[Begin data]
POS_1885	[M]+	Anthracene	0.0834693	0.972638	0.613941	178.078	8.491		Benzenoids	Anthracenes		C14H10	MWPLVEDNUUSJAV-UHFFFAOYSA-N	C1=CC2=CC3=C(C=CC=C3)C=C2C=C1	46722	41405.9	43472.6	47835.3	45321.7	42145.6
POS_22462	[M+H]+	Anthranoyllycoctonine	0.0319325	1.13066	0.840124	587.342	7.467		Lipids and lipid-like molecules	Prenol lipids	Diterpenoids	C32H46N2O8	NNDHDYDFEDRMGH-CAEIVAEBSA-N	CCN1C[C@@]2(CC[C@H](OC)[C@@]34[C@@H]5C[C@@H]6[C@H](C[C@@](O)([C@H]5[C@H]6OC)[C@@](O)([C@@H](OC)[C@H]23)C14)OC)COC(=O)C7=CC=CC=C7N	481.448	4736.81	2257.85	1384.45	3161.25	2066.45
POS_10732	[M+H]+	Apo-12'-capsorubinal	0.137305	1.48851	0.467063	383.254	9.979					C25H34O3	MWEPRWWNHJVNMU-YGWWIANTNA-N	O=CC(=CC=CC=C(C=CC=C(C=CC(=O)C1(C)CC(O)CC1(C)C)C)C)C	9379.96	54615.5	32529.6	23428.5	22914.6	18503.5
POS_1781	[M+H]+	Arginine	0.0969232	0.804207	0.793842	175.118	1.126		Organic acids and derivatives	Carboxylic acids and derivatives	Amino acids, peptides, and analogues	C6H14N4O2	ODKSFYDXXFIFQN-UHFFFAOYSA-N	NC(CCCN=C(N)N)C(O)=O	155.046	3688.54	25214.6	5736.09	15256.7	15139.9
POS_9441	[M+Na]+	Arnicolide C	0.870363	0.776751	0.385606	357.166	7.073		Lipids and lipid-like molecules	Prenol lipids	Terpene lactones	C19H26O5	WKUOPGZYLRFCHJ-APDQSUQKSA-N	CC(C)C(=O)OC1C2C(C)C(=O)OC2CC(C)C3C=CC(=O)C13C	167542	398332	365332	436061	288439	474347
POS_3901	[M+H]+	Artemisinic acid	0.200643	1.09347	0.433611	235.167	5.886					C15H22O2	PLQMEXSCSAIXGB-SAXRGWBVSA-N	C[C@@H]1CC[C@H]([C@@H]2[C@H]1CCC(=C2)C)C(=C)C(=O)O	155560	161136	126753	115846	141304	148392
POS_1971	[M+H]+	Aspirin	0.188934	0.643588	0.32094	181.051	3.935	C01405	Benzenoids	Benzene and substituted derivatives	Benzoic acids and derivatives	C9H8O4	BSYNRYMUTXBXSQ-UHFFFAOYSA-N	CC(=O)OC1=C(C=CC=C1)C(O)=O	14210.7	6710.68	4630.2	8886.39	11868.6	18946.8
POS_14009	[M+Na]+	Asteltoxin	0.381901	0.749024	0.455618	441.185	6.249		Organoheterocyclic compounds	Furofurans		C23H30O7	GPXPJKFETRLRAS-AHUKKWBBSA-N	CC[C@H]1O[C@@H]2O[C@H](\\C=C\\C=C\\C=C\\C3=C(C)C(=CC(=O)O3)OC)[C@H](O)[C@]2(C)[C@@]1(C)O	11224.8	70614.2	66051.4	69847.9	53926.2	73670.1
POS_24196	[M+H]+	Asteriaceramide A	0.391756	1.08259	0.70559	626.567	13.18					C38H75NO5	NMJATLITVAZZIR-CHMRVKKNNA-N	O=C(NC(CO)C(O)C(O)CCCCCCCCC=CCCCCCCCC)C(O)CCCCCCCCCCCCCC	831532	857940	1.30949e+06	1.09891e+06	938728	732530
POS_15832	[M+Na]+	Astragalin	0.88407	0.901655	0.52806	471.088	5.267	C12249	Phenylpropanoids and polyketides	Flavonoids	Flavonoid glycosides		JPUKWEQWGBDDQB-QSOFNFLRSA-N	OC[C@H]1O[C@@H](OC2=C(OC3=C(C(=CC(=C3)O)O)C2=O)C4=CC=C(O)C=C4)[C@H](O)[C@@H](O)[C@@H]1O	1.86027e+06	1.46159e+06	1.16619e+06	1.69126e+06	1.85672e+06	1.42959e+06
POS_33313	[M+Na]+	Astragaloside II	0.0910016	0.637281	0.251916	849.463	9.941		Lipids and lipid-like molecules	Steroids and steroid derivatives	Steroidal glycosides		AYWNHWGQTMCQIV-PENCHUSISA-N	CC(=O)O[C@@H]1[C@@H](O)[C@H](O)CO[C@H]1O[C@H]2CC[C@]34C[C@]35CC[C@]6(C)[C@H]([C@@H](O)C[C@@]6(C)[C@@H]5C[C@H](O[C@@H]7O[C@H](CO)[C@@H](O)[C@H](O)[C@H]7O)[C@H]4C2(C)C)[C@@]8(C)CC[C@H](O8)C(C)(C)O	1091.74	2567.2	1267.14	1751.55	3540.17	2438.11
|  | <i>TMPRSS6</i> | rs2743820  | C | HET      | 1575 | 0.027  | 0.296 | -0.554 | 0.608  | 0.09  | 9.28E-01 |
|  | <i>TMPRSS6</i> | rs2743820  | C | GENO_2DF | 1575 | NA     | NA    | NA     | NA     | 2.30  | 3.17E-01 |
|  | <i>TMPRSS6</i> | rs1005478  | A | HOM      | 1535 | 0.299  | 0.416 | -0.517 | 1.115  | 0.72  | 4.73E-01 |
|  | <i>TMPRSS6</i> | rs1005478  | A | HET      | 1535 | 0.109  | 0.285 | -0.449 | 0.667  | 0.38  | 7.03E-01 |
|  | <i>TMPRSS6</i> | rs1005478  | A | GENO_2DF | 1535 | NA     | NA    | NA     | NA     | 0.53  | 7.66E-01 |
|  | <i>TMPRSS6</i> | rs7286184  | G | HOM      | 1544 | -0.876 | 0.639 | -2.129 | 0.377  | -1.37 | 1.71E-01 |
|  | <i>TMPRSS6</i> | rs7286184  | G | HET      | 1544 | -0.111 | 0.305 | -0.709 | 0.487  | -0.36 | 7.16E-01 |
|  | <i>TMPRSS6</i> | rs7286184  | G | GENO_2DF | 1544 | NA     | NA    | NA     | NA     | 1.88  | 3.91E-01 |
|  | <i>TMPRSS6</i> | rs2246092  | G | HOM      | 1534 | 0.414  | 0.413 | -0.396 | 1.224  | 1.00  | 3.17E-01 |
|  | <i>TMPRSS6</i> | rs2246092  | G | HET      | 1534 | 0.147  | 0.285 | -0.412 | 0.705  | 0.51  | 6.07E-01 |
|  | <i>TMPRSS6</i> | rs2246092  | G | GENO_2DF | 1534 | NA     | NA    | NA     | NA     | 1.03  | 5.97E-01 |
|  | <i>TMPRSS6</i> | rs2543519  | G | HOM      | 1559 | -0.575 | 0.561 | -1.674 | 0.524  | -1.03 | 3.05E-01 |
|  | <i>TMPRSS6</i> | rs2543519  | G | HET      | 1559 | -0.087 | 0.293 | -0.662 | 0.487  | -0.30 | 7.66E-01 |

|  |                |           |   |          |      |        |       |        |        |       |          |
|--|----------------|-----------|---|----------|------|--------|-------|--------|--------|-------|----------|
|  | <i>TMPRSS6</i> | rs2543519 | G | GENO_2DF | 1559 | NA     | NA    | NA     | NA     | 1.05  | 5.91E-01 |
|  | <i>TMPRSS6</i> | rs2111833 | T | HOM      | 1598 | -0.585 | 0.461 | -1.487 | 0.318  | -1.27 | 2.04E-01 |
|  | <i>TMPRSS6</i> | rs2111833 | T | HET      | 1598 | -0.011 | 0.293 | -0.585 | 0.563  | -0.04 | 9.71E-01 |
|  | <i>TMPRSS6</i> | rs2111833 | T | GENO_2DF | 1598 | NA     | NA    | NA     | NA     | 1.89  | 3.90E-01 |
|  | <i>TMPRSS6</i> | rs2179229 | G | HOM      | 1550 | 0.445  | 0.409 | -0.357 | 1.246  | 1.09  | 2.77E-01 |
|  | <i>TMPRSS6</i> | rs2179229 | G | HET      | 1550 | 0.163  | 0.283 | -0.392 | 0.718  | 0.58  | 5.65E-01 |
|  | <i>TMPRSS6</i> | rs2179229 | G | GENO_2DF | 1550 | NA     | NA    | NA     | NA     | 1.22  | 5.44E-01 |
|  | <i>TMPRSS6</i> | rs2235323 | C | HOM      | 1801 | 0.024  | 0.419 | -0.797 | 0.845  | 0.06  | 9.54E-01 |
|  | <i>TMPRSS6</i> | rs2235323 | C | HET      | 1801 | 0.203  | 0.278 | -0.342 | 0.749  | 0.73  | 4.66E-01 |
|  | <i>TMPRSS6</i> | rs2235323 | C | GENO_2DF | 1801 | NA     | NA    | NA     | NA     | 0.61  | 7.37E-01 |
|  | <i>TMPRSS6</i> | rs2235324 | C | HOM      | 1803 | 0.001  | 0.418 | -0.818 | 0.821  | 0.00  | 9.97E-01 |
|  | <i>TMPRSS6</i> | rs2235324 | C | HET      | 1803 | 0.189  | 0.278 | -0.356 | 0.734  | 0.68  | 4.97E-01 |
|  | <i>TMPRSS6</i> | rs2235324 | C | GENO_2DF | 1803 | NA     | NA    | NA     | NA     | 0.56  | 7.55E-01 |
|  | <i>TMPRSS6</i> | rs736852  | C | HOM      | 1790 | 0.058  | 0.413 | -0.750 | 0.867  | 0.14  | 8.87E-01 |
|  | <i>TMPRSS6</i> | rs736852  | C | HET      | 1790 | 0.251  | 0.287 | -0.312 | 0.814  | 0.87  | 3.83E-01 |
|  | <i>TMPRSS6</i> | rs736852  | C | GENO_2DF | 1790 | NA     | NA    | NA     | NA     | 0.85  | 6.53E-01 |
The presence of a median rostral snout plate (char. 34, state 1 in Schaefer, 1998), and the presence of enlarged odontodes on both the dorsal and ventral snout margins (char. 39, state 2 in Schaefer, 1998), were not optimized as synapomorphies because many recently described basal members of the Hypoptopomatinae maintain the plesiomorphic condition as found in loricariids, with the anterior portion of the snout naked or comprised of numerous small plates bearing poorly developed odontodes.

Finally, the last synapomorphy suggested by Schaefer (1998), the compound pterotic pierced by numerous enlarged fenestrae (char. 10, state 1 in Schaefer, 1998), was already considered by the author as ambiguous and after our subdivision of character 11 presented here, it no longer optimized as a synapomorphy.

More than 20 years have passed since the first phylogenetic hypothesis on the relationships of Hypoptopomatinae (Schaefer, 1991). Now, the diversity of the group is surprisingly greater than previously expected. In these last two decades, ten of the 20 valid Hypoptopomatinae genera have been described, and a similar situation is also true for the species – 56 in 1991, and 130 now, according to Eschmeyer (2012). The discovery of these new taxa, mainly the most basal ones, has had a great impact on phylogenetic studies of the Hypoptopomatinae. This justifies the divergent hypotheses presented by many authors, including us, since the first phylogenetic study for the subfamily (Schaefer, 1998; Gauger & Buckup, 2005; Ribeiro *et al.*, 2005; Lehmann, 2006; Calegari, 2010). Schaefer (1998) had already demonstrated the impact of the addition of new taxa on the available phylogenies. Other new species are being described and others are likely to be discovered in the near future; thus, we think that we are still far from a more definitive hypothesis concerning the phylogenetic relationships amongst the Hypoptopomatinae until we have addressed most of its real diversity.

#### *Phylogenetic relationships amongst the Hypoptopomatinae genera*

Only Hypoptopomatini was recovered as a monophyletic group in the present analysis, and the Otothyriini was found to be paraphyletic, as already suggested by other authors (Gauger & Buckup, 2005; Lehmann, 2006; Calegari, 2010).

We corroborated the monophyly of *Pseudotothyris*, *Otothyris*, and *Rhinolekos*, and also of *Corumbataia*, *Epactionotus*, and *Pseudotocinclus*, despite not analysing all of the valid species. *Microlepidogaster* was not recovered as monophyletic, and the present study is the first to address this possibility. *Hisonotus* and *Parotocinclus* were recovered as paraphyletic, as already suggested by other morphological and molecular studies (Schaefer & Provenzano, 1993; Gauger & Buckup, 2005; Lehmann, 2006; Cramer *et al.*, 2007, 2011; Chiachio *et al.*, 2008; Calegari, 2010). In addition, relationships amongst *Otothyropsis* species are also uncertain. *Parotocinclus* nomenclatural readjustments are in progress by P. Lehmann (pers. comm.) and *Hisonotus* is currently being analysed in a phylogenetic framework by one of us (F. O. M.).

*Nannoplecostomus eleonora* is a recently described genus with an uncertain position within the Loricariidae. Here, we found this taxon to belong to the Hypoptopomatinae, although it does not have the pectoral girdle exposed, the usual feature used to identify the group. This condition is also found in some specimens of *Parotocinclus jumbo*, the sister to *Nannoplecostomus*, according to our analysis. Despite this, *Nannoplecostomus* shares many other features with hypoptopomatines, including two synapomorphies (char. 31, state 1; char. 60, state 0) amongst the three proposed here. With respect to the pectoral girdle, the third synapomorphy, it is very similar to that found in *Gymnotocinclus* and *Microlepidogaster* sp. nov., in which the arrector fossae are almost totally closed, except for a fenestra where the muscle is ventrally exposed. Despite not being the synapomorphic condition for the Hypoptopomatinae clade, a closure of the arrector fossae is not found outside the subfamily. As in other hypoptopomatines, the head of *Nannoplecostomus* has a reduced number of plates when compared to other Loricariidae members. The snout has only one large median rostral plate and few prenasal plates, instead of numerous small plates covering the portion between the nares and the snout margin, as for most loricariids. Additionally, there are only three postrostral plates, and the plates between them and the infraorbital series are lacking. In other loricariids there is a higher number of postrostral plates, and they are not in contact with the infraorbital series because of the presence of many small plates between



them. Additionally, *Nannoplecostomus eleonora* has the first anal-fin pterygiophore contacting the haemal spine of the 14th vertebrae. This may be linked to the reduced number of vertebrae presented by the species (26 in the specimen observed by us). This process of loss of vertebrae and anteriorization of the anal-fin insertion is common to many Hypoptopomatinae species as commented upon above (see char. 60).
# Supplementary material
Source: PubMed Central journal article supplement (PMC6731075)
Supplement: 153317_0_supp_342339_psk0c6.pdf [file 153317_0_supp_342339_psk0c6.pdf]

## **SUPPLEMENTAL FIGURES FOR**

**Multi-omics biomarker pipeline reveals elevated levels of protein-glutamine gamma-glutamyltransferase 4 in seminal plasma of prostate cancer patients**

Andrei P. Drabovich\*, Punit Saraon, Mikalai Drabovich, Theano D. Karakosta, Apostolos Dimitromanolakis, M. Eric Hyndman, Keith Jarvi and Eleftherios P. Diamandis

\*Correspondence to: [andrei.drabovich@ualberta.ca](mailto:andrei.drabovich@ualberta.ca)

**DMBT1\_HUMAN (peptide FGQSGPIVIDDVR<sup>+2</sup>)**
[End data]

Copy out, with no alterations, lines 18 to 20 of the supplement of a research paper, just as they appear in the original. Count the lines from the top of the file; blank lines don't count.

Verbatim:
|  | <i>TMPRSS6</i> | rs7286184  | G | HET      | 1544 | -0.111 | 0.305 | -0.709 | 0.487  | -0.36 | 7.16E-01 |
|  | <i>TMPRSS6</i> | rs7286184  | G | GENO_2DF | 1544 | NA     | NA    | NA     | NA     | 1.88  | 3.91E-01 |
|  | <i>TMPRSS6</i> | rs2246092  | G | HOM      | 1534 | 0.414  | 0.413 | -0.396 | 1.224  | 1.00  | 3.17E-01 |